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This article presents a model for regulating cognitive enhancement devices (CEDs). Recently, it has become very easy for individuals to purchase devices which directly modulate brain function. For example, transcranial direct current stimulators are increasingly being produced and marketed online as devices for cognitive enhancement. Despite posing risks in a similar way to medical devices, devices that do not make any therapeutic claims do not have to meet anything more than basic product safety standards. We present the case for extending existing medical device legislation to cover CEDs. Medical devices and CEDs operate by the same or similar mechanisms and pose the same or similar risks. This fact coupled with the arbitrariness of the line between treatment and enhancement count in favour of regulating these devices in the same way. In arguing for this regulatory model, the paper highlights potential challenges to its implementation, and suggests solutions.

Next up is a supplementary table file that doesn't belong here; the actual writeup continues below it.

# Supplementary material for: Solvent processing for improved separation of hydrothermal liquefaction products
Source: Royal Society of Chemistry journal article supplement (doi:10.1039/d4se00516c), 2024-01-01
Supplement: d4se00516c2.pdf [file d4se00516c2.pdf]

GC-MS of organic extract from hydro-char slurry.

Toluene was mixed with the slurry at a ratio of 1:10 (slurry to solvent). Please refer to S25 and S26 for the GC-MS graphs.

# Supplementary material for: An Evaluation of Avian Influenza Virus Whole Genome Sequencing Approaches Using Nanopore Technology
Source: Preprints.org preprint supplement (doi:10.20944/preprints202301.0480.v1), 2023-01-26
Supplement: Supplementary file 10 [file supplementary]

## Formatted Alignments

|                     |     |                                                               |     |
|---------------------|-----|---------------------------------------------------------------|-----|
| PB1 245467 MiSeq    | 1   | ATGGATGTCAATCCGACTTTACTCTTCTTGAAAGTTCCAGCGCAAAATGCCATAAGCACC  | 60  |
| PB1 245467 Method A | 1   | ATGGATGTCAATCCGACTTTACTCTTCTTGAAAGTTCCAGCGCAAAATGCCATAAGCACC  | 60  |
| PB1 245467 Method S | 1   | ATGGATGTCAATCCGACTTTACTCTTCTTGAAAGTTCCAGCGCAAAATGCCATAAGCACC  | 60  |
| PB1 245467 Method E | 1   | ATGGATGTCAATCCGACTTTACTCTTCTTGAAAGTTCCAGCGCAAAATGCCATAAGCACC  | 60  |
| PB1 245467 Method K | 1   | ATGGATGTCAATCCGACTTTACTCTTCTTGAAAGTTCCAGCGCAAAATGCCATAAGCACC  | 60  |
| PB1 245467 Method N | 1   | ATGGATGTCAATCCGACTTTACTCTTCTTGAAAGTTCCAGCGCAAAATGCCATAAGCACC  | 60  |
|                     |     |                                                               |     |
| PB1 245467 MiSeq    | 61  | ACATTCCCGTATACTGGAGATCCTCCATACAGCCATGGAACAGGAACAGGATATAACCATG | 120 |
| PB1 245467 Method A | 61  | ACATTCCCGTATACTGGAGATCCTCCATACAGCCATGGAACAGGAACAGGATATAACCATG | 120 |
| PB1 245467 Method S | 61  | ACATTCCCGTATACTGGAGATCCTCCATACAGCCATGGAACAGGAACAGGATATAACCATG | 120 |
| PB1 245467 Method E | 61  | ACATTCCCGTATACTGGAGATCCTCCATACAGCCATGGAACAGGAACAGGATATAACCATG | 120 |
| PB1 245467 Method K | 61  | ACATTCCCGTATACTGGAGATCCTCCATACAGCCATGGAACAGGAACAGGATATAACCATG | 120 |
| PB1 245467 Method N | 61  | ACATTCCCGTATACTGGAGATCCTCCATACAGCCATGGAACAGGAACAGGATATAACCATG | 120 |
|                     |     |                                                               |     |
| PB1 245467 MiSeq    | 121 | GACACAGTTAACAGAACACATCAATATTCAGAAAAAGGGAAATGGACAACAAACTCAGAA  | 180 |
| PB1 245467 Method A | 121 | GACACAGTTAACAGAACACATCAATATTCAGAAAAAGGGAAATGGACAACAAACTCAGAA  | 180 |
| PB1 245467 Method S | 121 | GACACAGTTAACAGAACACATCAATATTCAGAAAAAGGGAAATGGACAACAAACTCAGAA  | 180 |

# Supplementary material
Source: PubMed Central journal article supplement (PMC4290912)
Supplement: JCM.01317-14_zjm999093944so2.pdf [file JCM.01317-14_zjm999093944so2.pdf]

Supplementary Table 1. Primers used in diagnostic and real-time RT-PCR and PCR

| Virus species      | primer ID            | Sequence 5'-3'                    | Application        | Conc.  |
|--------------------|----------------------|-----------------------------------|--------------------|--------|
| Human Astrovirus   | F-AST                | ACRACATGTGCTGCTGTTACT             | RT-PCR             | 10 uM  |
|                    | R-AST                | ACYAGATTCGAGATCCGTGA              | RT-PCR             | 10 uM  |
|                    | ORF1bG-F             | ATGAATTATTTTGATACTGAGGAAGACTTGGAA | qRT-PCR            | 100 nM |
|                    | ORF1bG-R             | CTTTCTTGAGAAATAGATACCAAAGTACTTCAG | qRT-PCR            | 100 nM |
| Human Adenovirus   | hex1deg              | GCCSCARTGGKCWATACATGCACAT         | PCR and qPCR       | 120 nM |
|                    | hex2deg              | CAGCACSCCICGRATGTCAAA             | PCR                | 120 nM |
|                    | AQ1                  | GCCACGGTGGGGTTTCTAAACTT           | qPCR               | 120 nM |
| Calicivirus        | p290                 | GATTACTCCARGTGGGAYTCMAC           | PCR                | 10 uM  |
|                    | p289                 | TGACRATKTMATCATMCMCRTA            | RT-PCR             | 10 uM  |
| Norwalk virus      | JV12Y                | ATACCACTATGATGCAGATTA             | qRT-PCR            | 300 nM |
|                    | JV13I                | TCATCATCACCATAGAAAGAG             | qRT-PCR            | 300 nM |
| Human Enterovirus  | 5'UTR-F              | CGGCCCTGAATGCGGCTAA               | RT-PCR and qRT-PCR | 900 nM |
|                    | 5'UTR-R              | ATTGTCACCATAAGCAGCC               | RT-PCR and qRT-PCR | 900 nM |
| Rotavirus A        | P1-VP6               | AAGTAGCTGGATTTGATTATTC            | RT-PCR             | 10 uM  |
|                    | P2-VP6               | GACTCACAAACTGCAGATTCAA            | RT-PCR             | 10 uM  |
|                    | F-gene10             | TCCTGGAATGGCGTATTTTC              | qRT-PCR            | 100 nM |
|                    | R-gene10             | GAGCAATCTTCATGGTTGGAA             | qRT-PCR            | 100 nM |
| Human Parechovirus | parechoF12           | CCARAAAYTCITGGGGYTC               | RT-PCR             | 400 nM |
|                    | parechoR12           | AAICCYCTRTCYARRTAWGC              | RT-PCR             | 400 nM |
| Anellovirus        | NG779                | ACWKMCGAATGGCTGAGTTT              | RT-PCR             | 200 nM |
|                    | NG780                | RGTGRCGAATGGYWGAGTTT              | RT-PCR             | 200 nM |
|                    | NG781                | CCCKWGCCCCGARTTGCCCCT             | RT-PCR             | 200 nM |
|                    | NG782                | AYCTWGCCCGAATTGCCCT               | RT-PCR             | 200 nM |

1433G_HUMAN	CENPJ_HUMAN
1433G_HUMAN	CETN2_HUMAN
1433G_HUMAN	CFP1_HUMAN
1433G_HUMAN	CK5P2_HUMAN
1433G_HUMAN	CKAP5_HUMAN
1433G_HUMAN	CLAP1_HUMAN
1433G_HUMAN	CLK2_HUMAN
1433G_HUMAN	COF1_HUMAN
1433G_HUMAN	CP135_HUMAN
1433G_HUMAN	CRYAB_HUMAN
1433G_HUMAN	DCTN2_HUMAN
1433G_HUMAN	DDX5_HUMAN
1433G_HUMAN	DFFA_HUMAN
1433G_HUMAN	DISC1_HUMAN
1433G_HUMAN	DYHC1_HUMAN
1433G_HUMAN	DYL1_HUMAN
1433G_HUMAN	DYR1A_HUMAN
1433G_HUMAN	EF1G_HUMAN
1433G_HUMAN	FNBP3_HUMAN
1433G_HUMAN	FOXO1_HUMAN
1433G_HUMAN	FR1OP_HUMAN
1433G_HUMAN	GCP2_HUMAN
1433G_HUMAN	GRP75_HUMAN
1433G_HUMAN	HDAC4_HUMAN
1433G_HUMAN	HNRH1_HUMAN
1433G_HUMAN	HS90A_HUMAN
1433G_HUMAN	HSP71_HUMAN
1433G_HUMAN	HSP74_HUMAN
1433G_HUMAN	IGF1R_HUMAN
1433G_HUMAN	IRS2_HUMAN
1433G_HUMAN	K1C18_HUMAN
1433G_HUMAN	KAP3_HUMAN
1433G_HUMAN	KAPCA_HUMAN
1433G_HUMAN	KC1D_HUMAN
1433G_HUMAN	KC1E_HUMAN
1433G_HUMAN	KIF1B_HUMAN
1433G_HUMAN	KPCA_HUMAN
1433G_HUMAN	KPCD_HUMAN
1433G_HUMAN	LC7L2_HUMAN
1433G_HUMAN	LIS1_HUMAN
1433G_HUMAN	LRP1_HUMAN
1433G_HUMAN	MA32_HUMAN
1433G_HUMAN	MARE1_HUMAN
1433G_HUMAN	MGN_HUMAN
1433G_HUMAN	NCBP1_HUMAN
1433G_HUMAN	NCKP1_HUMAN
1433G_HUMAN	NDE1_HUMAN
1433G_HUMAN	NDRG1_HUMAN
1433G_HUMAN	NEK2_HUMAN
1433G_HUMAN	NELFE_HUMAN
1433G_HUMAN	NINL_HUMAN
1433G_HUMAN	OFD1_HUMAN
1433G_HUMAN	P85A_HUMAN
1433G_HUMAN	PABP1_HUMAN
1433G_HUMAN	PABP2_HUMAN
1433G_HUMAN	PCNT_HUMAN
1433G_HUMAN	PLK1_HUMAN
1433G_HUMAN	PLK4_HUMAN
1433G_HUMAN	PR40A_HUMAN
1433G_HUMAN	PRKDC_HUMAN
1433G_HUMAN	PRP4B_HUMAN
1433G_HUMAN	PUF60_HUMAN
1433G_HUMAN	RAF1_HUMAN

Original publication

DOI

10.1093/jlb/lst003

Type

Journal article

Journal

J Law Biosci

Publication Date

01/03/2014

Volume

1

Pages

68 - 93

Keywords

Medicines and Healthcare Products Regulatory Agency: medical devices, cognitive enhancement devices, regulation, transcranial direct current stimulation